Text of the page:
Impressive, but this makes me wonder: What happens to the animated series? And I am interested in what happens to The Motion Picture a few years down the road...
 
Impressive, but this makes me wonder: What happens to the animated series? And I am interested in what happens to The Motion Picture a few years down the road...
Bitterness and rancor between Shatner and his co-stars prevents the Animated Series from being made, since it was made IRL in 1973. After 5 years, the rest of the cast will be sick of Shatner and it will take a long time for them to reconcile with him. There is far more dislike for the Shat ITTL than IRL, especially among Doohan, Takei, Koenig and Nichols, because he goes public complaining about all of them at some point.

--Shatner lands the Six Million Dollar man role instead of Lee Majors, and stars on another TV show until 1978.

--Nimoy goes into Mission Impossible IRL and extends that series' life (it ends in 1971 IRL, but Nimoy's popularity gives the show two more years until 1973), plus he becomes the most popular person at the conventions. He still makes In Search Of, like he did IRL. He avoids some of the Spock typecasting with his work on M.I.

--Dee Kelley tries to go back to making Westerns but the genre's popularity begins to fade and he runs into trouble finding work, but eventually lands a recurring role on Columbo as a cantankerous detective working alongside Peter Falk's titular character.

--James Doohan is typecast and also has trouble finding roles, but his tremendous utility with accents allows him to work on Saturday morning cartoons.

--George Takei goes into politics and wins a seat on the Los Angeles City Council. IRL he runs for that same position and loses, but he is more popular ITTL and starts a real political career. He also tries to run for Congress, but falls short and decides to come back into show business.

--Walter Koenig can't eke out a living ITTL in show business and runs into financial trouble, so the conventions prop up his struggling income. He writes scripts for various series, but is very reluctant to reprising his Chekov character despite his financial issues.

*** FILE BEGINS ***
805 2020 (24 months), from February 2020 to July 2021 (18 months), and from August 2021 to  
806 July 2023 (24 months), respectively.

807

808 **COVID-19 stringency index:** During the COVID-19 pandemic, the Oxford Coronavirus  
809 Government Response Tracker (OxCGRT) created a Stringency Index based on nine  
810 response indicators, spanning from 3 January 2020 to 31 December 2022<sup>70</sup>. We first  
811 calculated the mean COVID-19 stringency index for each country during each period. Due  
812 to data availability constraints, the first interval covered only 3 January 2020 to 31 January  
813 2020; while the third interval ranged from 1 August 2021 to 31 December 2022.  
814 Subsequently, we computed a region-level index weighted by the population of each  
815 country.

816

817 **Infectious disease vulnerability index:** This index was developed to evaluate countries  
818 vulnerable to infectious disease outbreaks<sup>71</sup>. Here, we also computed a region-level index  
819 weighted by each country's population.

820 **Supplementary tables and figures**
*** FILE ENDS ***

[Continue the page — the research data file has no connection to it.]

--Nichelle Nichols earns a role in SHAFT ITTL from her connections with John D.F. Black, who she knew as an associate producer from TOS. However, she realizes earlier that the blaxploitation genre is not for her and does not make Truck Turner like she does IRL. Nichols goes back to Broadway and plays a minor role in Grease and earns the role of Velma Kelly in Chicago in 1975 before she leaves and recruits minorities for NASA as she did IRL.

--Gene Roddenberry tries to revive the Star Trek TV series as Phase II, but it never gets off the ground because none of the cast wants to work with Shatner, plus Shatner does not want to leave Six Million Dollar Man.
 
--Dee Kelley tries to go back to making Westerns but the genre's popularity begins to fade and he runs into trouble finding work, but eventually lands a recurring role on Columbo as a cantankerous detective working alongside Peter Falk's titular character.
Okay, now I'd like to see the script treatments of this timeline's Columbo.

Meanwhile in the farther future, what happens to TNG? And it'll probably be a shame that we might not get Wrath of Khan... unless say it, Search for Spock, and Voyage Home become the overarching plot line for Season 5? And maybe The Undiscovered Country as the big, two-hour series finale? (Honestly though, I wonder if the budget can support such an epic after the Romulan saga.)